Buckle up – it’s recession time again. It’s been a while. The last one we had was the Great Recession, which in the U.S. was from December 2007 to about June 2009. If you started working after that, in the last 13 years, this is your first. We’ve had a pretty good run, but for a lot of people in their 30s, this is going to be the first experience of a downturn. Each is different, but here are a few things I learned from the Dotcom Crash and the Great Recession. Heads up: this isn’t one of the many blog posts out there about the practical steps you do to weather a recession. This one prepares you for how you’ll feel.
It’s going to be bad
Not going to bury the lede. Most companies are built to grow, meaning more opportunities, pay rises, new teammates, office openings, rising valuations, etc. In a downturn, that can still happen but it’s far slower and exponentially harder. It takes quite a mindset adjustment to accept that running to stand still is, in fact, progress while the market contracts. You are moving forward but it won’t seem like it. Just like any other of life’s challenges, it’s something you are going to have to face, and so the sooner you adjust, the better.
It’s not going to last forever
The Great Recession was 18 months. So it will come to an end. There will be others in your career, and those will come to an end too.
It’s really confusing
When you think of recession, economies contracting, layoffs, declining revenue and valuations, it’s easy to assume that happens all the time across the board. But there will be lots of great things that happen too. You’ll close big deals – I closed the most important deal in my career just after the Dotcom crash. New companies will be founded – just take a look at the start dates of the decacorns of today, and it’s 2007/2008. You’ll get promoted, but a friend will lose their job. Cognitive dissonance is a real drain since all these things can happen within a single day. Like it’s snowing one minute, then full summer sun, then a tornado. It’ll be hard to know what to think. I rationalize that recessions are imperfectly distributed – some whole sectors will boom, while the headlines in others are dreadful.
You’ll be frustrated
Everyone gets grumpy, you won’t get the recognition you deserve even though you are working harder than you ever have. Here’s why – so is everyone else. There’s just less to go around. To combat this, draw on your internal recognition, know that you are doing a good job and if you have some extra to give, try to share some kudos. It’s easy to see those who shine when things are darkest. So don’t give in. Your resolve will get tested beyond the limits you think you have but it will teach you a lot. You might need to remind yourself of that. A lot.
You’ll get really good at your job
The thing about downturns is there’s less room for mistakes. You have to make smarter decisions, deliver stronger results, and be more productive. So does everyone else around you, which, in turn, helps you to be better. You’ll learn more in the next few months than you learned in the past few years. And you’ll emerge a better professional. Plus, once you’ve got a recession under your belt, you’re equipped for the next one when it comes. Maybe you’ll even write a blog post it.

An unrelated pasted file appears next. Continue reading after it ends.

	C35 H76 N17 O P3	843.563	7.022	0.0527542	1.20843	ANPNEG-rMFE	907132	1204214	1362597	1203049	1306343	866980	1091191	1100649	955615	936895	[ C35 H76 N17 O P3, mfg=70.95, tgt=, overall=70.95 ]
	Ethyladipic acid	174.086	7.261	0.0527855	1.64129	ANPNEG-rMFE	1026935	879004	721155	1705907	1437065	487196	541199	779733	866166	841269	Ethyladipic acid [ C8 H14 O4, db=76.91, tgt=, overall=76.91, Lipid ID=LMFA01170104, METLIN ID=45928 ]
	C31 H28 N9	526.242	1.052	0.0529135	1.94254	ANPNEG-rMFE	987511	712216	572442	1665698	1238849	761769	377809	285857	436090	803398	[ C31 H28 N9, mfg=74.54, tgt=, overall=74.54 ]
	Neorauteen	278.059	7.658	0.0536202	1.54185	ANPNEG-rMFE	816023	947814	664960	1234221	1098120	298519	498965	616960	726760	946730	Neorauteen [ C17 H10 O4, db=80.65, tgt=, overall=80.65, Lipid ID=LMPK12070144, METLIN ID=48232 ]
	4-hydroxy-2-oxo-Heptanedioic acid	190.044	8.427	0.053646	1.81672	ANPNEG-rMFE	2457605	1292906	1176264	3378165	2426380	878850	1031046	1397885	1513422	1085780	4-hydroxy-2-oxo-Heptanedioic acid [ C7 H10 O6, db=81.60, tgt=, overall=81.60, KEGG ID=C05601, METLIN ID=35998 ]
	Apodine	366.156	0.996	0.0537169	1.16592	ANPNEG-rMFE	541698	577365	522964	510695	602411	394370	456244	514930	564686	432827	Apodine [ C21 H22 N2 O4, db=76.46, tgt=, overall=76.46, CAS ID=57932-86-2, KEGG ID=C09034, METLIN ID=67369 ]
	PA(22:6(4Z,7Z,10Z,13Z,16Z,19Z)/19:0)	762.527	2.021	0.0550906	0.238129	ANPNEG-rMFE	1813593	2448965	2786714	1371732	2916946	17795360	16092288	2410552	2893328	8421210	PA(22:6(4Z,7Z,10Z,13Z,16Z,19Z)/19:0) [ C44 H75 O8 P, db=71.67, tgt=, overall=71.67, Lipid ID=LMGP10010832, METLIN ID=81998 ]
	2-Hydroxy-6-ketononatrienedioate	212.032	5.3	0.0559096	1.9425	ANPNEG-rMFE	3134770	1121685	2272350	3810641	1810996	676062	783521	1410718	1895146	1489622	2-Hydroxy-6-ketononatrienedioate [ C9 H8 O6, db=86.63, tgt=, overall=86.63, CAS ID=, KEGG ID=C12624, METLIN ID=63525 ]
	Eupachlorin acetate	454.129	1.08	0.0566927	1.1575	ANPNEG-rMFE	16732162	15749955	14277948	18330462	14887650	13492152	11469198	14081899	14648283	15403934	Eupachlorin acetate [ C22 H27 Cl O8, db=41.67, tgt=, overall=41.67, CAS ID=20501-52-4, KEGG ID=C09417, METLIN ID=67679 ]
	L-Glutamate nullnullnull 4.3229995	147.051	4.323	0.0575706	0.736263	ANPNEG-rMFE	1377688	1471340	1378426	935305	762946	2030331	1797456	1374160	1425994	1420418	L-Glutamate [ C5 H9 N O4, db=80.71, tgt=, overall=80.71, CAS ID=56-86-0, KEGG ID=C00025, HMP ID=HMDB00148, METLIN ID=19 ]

You might have to change
We all have to do more with less – your client does, your manager does and so do you. So you might need to adapt a little. Perhaps it’s learning a new skill, doing a task you don’t love but that needs to get done, taking one for the team, adjusting your schedule, or even changing careers entirely. There are new constraints and so adapt as best you can. Then you’ll be well-positioned to take advantage when things bounce back.
Some people will be jerks
They just respond by going into full ‘animal survival’ mode and thinking that business isn’t personal. I can’t really explain this but when everything is going up, these guys just get drowned out or don’t reveal themselves. But when hard times come knockin’, oh boy. They’ll lie, wriggle out of their commitments, they won’t pay you or come up with some ridiculous criticism. Just don’t let these idiots make you think everyone is like that or that this is acceptable. Keep doing the right thing. People will notice. Hopefully, you’ve picked good people to work with – you’re about to find out.
You won’t know when you’ve reached the bottom
One of the most disconcerting things is not knowing how much worse things will get. Like you’re in deep water and feeling around with your toe for the bottom before you can stop swimming. You just don’t know. Nobody does. So deal with today’s reality and make the best decisions you can. It will eventually start getting better, and you may not notice or you will likely not trust that we’ve turned a corner. We had lots of discussions about V, U, W and even bath-shaped recessions before. This one will be different – but let’s hope it won’t be L-shaped.
Don’t worry too much
While this is all fairly downbeat, that’s not my intent. You’ll have your team around you. We’ll all be going through it and in many ways, this shared adversity will bring the best out in you and in them. You will learn a lot. Some lessons will be harsh but during your career, this will just be a phase.
I picked up some decent scars in the last recessions but discovered that I’m pretty irrepressible. I made some good friends. I still work with many of them now. We’ll be fine. Hang in there.
Morgan McLintic is the founder of Firebrand. With over 25 years’ experience in the tech sector, he advises clients about their marketing and PR strategy. Prior to Firebrand, he was the founder of digital communications agency, LEWIS in the US, growing it to 250 staff and $35m revenue.